From the perspective of certain points on a light cone, the article showed up both today and 6 months ago.
From the perspective of certain points on a light cone, the article showed up both today and 6 months ago.
I'm having trouble envisioning such a smart bullet. The big problem is that the process of firing a round is completely mechanical (there is no electrical signal to interrupt), the size of the rounds are carefully set standards and can't be easily changed, and standard 'dumb' ammunition can be made with pretty simple tools. I've one set of tools that take up about the same amount of space as a trade paperback when in their case.
If we invent a new type of firearm that only fires smart bullets and leave the old firearms in the market, we've done nothing. If we ban all firearms that don't fire smart bullets, then we have the same problems if we just decided to ban all guns (at the risk of hyperbole -- 'constitutional crisis').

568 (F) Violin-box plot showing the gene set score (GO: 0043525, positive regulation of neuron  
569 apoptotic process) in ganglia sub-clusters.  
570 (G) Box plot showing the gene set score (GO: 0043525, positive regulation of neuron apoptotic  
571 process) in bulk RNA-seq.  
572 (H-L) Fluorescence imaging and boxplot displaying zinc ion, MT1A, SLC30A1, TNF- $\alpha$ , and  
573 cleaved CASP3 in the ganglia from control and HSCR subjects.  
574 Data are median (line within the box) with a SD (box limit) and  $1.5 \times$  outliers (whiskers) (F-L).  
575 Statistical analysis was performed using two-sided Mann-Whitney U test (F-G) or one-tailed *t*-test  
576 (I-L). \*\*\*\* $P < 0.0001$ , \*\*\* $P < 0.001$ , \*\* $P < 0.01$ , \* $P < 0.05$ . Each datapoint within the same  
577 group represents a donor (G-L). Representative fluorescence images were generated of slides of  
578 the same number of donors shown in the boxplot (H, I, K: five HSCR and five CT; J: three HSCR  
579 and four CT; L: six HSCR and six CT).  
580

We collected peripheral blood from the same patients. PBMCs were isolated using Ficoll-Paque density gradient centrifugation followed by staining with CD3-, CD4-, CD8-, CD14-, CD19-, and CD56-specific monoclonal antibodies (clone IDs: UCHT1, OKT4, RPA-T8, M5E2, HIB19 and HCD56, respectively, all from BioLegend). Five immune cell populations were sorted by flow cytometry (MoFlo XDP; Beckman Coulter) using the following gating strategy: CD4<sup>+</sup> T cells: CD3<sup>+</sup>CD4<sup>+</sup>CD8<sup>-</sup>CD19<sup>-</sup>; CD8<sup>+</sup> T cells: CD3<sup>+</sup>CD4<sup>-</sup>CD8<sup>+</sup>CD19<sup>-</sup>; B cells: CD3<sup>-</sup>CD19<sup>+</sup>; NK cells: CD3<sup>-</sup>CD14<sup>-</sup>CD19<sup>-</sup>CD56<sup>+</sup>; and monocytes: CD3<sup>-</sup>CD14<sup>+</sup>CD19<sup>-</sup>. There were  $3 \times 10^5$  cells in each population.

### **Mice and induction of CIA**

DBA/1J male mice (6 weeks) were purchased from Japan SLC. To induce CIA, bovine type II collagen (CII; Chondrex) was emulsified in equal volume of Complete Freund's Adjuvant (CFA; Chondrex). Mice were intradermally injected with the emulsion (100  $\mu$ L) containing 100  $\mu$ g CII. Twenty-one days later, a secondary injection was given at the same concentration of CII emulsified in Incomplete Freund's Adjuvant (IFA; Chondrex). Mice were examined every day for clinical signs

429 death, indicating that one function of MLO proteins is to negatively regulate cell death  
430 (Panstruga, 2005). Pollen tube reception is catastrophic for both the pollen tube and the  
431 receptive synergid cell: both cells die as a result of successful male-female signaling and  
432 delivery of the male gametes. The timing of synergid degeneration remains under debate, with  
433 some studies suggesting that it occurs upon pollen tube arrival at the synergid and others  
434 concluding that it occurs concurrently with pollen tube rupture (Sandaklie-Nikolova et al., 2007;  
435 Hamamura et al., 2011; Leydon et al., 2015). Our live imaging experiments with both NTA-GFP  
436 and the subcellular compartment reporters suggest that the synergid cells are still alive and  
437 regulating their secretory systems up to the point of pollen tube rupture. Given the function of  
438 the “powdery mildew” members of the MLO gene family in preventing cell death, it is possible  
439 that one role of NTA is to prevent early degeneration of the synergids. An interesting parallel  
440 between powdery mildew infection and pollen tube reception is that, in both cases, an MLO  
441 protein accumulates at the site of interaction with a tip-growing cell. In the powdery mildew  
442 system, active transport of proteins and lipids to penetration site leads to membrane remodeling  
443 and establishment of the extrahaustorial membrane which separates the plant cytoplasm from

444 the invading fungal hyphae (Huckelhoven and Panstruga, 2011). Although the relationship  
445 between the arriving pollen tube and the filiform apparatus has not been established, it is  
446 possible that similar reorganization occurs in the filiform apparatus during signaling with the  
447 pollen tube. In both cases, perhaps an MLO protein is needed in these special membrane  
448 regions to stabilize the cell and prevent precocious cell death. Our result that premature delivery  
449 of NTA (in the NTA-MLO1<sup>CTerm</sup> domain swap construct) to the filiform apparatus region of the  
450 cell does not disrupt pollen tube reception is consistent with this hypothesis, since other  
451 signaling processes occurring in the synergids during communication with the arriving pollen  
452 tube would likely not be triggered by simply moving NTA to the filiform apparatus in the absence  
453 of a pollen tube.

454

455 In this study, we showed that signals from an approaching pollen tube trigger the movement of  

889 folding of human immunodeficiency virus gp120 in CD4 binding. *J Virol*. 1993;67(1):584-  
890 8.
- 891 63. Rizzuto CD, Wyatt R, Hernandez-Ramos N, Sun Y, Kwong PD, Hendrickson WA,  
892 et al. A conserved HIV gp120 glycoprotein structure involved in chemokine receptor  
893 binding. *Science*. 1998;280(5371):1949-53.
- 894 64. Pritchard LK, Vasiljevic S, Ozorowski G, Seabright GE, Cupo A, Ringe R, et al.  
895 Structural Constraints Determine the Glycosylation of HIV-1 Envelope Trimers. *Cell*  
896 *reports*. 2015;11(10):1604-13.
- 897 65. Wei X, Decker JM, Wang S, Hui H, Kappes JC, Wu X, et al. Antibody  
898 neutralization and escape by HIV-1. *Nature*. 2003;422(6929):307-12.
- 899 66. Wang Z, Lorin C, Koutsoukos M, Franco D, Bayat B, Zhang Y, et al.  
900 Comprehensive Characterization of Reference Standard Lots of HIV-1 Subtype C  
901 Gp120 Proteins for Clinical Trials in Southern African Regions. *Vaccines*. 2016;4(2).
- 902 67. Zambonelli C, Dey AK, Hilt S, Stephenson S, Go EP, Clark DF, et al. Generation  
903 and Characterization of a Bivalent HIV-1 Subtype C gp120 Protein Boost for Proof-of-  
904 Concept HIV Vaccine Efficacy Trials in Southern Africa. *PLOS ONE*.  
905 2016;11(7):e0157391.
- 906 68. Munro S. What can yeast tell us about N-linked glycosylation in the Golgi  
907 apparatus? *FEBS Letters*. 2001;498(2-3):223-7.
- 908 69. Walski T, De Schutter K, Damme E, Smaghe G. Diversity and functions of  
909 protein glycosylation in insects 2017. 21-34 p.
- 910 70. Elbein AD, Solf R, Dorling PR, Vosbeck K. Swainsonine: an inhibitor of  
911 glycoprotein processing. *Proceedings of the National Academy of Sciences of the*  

It seems to be that there are many people who flatly reject the possibility of evolution because they see it as being against religion. I understand that this isn't a logical reason to reject evolution, but one of the reasons people see evolution as being against religion is that both Darwin (maybe unfairly) and yourself have been has been labeled as atheists and known as famous teachers of evolution. If my memory of your work is correct, you offer evolution as part of the argument against theism.
But isn't it harmful to the acceptance of science in general -- and evolution in particular -- to be tied to atheism, even if the connection is unfair or logically unsound? As a practical matter, wouldn't avoiding pitting religion against science help science -- especially in those parts of the world that most need science?
My apologies if anything here distorts what you have said or done.